Since the beginning of the internet, HTTP has been its foundation. It’s an acronym for hypertext transfer protocol. The keyword here is “protocol”. A protocol is explained as “the official procedure or system of rules governing affairs of state or diplomatic occasions.”. In this regard, the HTTP protocol defines how data is requested and delivered back and forth between the clients and servers.
In the context of the internet, everything is data, including videos, images, websites, and audio files. You can think of the internet as a government, web servers as government offices and the citizens as internet users. In this case, HTTP is the bureaucracy. When you think of it this way, it’s not hard to imagine the process consisting of too many steps, requests and time.
The Technical Definition of HTTP
An HTTP session is a sequence of network request-response transactions. An HTTP client initiates a request by establishing a Transmission Control Protocol (TCP) connection to a particular port on a server (typically port 80, occasionally port 8080; see List of TCP and UDP port numbers). An HTTP server listening on that port waits for a client’s request message.
Upon receiving the request, the server sends back a status line, such as “HTTP/1.1 200 OK”, and a message of its own. The body of this message is typically the requested resource, although an error message or other information may also be returned. (Source: Wikipedia)
What Was the Problem with HTTP?
All data on the internet consists of three main parts: Header, payload and footer. As stated before, delivery of complete data requires many requests and deliveries between the clients and the web servers. Since the internet was originally developed in a controlled environment in a university network, the initial structure of HTTP protocol didn’t cause any problems back then because there were a limited number of clients requesting data from a specific web server.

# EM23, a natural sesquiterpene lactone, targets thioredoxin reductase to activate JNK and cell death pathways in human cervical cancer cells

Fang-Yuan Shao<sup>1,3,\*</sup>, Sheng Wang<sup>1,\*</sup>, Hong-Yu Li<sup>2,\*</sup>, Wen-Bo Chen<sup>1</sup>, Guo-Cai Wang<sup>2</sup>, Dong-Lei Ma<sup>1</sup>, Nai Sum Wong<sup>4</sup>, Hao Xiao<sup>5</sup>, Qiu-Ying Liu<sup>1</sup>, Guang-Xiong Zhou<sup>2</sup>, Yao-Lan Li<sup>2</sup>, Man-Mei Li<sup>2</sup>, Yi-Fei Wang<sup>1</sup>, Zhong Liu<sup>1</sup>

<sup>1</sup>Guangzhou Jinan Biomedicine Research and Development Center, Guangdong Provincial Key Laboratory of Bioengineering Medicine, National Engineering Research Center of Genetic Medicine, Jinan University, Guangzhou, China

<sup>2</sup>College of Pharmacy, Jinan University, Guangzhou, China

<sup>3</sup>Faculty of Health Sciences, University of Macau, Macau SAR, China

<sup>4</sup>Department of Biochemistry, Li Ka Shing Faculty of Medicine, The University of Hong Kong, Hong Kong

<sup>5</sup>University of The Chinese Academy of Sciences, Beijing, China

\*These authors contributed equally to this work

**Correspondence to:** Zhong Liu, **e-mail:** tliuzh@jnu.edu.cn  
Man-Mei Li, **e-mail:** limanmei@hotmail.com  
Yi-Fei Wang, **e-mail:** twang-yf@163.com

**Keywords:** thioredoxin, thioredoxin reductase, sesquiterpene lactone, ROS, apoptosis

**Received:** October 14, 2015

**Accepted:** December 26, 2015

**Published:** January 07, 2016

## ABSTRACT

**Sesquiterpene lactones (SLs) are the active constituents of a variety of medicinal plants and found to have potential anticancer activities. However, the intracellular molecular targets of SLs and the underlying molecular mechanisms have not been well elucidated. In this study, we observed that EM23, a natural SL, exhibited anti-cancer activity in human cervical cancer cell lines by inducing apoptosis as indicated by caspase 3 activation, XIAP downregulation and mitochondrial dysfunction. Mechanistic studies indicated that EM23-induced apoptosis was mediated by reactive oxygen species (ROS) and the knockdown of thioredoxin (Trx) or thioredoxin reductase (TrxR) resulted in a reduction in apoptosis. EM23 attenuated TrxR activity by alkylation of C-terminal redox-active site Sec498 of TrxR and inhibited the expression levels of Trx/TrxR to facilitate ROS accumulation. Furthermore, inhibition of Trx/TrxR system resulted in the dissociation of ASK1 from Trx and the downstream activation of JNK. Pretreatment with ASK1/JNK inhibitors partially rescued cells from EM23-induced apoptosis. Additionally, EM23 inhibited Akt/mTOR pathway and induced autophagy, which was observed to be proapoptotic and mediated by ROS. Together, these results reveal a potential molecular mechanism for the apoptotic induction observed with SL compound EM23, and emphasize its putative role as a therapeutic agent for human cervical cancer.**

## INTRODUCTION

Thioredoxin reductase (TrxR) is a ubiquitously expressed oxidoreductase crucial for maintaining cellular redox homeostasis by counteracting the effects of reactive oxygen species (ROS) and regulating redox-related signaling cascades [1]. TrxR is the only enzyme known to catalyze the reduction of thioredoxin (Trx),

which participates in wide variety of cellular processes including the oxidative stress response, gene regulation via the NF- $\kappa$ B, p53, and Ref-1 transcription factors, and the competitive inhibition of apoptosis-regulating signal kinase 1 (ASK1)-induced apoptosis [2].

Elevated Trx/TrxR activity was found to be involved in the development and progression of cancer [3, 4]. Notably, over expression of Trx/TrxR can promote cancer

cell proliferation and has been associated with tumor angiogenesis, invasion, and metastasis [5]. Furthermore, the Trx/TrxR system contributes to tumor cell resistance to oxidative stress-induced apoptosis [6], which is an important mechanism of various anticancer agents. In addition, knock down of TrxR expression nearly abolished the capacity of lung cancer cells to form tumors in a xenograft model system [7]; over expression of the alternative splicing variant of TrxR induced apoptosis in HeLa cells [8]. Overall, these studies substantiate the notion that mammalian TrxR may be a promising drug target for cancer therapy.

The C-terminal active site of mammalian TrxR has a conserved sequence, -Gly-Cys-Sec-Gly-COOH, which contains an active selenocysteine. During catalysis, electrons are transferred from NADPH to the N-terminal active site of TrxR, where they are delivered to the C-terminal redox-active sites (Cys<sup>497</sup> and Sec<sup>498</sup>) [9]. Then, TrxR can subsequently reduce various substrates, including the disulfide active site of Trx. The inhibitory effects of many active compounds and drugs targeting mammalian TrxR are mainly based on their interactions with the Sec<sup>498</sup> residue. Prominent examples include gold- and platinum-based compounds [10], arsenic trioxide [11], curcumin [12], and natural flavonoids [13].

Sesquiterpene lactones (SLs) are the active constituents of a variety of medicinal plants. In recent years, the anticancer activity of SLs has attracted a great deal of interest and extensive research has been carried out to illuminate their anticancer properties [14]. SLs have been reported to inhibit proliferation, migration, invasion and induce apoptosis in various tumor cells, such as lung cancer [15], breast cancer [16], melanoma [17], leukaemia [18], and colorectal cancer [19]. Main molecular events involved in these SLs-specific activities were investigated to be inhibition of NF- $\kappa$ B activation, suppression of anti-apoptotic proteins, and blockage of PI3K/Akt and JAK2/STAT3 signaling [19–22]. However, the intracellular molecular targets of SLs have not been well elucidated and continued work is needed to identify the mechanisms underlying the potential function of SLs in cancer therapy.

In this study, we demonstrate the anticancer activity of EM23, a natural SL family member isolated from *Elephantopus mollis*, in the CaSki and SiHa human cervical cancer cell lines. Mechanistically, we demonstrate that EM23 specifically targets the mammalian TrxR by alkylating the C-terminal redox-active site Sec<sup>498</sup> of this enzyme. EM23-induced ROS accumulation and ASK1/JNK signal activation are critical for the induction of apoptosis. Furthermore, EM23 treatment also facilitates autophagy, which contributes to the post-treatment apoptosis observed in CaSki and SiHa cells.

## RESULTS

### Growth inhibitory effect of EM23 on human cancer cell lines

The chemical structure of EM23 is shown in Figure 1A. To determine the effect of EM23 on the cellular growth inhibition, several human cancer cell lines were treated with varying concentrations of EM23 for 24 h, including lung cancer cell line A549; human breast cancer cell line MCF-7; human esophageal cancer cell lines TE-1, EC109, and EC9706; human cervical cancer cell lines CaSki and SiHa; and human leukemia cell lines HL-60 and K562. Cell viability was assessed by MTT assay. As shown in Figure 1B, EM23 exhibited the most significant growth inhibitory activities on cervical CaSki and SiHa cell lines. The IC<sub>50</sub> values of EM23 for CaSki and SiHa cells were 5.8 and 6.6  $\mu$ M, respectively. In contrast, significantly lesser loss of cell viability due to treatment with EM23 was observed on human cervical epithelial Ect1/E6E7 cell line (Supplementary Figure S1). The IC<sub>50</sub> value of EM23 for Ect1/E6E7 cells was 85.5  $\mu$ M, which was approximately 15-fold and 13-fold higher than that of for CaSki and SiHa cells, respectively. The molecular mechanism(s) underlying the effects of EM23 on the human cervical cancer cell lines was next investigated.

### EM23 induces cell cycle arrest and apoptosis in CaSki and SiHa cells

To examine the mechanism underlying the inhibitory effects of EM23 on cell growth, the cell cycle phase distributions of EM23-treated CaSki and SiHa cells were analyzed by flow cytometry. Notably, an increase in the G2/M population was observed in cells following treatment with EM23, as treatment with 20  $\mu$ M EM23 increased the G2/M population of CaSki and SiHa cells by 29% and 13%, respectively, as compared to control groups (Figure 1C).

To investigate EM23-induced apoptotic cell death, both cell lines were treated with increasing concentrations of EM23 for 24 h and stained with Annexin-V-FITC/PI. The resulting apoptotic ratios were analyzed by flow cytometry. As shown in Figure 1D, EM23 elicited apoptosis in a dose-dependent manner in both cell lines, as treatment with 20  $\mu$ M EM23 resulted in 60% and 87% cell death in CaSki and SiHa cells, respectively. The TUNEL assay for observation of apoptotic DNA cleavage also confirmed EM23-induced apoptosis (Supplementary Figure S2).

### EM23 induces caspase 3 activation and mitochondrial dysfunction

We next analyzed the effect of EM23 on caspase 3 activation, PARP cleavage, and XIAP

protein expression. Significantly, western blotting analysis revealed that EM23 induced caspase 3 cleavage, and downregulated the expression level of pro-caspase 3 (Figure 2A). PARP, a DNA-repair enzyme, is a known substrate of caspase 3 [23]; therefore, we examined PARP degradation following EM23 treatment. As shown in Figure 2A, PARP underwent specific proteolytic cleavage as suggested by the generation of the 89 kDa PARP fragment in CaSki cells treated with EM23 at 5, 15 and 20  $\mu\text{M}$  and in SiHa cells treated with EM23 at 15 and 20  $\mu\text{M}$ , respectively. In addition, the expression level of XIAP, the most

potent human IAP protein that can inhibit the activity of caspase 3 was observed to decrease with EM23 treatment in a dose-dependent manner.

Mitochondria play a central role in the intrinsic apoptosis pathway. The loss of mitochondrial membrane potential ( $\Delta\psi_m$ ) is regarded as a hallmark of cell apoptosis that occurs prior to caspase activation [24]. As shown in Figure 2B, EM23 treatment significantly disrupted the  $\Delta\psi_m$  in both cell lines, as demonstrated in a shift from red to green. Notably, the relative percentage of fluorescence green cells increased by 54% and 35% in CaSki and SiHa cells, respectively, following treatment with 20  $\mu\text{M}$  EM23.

As the internet grew and the client numbers surged past billions, this initial protocol started to become a burden. It was extending page load times and the servers couldn’t comply with request and response chains created by multiple TCP connections. The internet was drowning under its own bureaucracy.
Even some innovative workarounds like domain sharding were not enough to make any improvements in page load times or reducing latency. Domain sharding increased the amount of simultaneously downloaded resources for a particular website by using multiple domains. This allowed websites to be delivered faster to users as they didn’t need to wait for the previous set of resources download before beginning the next set. Through this technique, web developers tried to work around the problem since they couldn’t remove the boundaries created by single TCP connections.
What Happened Before HTTP2?
Before the emergence of HTTP2, there were attempts to improve page load times and reduce latency. Some of these attempts were on the browser side, with some browsers starting to cache data to prevent re-downloading in a recurring visit.